Monday, March 10, 2014

Cleaning the desert

Deserts are associated with wastelands, and so are thought to be suitable for human endeavors that no city or countryside would tolerate - garbage dumps, test grounds for military bombing, nuclear waste facilities, and target ranges. They are not treated like the delicate and ecologically diverse ecosystems that they are.

On a micro level I'm grieved by the garbage on our property, in particular the broken glass that seems to be everywhere.

The sun shines on it here in our driveway. I had thought of trying to scoop up the sand to sift out the glass, but there are pebbles of similar size so that makes that plan unfeasible. So yesterday I spent about an hour bending over and picking up every piece by hand. 

I felt very much like I was living in Mark Tansy's painting, Robbe-Grillet Cleansing Every Object in Sight.

Though it was a stupid and thankless task I felt so relieved to look down the driveway and not see glass shining on the sand. It was like taking a gaudy rhinestone necklace off of a great beauty.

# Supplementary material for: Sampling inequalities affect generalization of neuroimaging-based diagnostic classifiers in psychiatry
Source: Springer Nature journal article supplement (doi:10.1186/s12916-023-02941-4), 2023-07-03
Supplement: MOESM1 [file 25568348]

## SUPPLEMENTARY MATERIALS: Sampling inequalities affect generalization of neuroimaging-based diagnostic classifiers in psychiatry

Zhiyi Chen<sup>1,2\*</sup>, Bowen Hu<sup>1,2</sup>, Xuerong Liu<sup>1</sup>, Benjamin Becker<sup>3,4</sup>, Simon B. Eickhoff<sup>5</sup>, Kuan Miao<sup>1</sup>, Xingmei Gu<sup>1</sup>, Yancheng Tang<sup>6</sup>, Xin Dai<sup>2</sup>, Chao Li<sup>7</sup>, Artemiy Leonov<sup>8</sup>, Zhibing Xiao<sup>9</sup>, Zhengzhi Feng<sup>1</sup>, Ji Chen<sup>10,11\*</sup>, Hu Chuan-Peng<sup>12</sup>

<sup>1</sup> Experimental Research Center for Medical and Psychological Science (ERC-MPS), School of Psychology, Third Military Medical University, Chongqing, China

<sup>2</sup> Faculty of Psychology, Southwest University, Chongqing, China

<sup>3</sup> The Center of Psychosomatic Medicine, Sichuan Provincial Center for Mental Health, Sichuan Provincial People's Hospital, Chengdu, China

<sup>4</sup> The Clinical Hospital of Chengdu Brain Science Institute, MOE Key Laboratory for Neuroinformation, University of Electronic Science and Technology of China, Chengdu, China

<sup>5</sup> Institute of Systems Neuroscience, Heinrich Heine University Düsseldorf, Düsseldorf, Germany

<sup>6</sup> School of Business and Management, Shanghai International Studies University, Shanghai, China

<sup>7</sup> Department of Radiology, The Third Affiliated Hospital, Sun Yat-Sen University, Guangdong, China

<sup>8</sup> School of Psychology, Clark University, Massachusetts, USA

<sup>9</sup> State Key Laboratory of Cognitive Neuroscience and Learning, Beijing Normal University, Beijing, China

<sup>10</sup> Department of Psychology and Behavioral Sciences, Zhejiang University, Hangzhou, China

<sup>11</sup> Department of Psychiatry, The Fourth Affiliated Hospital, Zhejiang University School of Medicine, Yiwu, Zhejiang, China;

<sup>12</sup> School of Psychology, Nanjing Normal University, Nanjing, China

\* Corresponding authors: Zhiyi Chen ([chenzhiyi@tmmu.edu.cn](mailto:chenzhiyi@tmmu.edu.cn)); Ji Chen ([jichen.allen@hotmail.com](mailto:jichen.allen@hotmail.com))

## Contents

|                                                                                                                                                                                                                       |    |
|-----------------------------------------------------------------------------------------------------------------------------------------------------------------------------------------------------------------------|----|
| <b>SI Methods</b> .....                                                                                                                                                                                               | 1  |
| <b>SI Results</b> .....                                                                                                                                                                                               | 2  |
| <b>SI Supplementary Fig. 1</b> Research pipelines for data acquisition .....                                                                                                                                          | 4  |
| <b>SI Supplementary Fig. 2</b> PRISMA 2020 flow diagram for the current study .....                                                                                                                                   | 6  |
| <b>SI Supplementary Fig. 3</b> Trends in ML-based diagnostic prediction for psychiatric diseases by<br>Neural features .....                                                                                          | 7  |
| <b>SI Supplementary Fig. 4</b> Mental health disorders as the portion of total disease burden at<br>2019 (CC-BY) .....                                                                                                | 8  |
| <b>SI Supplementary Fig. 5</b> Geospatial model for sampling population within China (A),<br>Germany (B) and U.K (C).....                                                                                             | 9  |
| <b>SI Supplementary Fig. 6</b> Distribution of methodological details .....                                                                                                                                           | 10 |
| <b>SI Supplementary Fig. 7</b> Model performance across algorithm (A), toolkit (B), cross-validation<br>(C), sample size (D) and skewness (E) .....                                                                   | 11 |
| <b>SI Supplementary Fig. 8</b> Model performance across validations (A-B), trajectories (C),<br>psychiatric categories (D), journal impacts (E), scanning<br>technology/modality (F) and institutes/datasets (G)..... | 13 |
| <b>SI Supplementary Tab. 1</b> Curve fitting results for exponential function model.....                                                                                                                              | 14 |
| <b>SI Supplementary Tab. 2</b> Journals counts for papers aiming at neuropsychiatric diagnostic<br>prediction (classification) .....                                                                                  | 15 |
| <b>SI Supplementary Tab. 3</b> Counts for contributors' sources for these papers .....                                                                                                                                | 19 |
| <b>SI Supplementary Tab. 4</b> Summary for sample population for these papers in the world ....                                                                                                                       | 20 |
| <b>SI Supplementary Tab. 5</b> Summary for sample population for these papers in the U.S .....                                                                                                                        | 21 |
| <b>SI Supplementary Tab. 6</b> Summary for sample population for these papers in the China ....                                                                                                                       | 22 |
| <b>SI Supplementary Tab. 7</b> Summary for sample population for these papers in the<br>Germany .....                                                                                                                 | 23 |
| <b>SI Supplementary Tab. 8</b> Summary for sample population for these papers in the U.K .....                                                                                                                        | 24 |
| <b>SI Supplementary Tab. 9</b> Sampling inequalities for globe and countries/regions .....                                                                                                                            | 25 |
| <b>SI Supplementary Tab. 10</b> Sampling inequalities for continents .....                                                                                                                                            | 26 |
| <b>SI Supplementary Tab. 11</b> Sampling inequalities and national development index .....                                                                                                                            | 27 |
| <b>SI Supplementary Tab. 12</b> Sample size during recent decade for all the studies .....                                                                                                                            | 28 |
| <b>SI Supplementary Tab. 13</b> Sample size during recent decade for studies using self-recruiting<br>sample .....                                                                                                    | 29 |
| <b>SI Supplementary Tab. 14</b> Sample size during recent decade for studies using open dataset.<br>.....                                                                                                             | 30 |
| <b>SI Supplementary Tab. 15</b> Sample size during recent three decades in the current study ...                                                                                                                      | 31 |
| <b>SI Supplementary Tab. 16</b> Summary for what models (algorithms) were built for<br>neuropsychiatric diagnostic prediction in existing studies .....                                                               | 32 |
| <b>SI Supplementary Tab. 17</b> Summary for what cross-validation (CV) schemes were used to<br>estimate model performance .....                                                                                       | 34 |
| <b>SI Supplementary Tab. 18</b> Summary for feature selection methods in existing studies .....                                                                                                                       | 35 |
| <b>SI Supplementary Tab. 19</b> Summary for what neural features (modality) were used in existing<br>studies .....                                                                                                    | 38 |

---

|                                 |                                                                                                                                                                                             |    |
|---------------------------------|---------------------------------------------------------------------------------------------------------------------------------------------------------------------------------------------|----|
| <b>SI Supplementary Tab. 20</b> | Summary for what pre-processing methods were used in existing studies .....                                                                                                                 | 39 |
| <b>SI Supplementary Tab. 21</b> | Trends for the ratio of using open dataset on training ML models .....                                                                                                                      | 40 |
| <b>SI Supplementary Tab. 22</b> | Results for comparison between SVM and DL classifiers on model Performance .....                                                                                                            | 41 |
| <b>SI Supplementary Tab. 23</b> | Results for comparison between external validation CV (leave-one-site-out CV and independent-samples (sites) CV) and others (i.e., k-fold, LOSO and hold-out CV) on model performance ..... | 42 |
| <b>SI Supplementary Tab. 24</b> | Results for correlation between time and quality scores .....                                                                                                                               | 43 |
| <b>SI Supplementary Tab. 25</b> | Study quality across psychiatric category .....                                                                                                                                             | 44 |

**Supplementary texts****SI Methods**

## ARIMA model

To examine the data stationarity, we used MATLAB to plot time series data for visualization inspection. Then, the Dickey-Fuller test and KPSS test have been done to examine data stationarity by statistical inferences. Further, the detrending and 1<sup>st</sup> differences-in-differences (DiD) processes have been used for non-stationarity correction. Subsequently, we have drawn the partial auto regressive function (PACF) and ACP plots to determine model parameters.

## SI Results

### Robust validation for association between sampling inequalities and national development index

Later I was looking up "broken glass" in the "desert" and came across a link to Restoring Land to Protect Joshua Tree National Park, and discovered the happy concept of "vertical mulch."
"Our teams planted 'vertical mulch' — dead branches and tree trunks that mimic native vegetation. Vertical mulch creates microclimates, areas which trap moisture and help native desert seeds germinate while discouraging future incursions from off-road vehicles. Volunteers then raked away off-road vehicle tracks, which crisscrossed the sandy desert soil. We also removed what seemed like a dumpster load of old clay pigeons, broken glass, relic electronics, plastic, paper, and other debris from canyons and hillsides."
Here's a photograph from a Bureau of Land Managment project:

We also bought and brought to Joshua Tree three Chinese brooms to sweep the tracks of "off road" or "all terrain" vehicles which criss cross our land. 

Strategic placement of vertical mulch and one rock dams should discourage motorized travelers (though some rocks may be bigger than advised - at least as big as an axle). What's MORE needed still is a way to teach people about the delicate nature of the desert and all it has to offer, so that we all become stewards of it.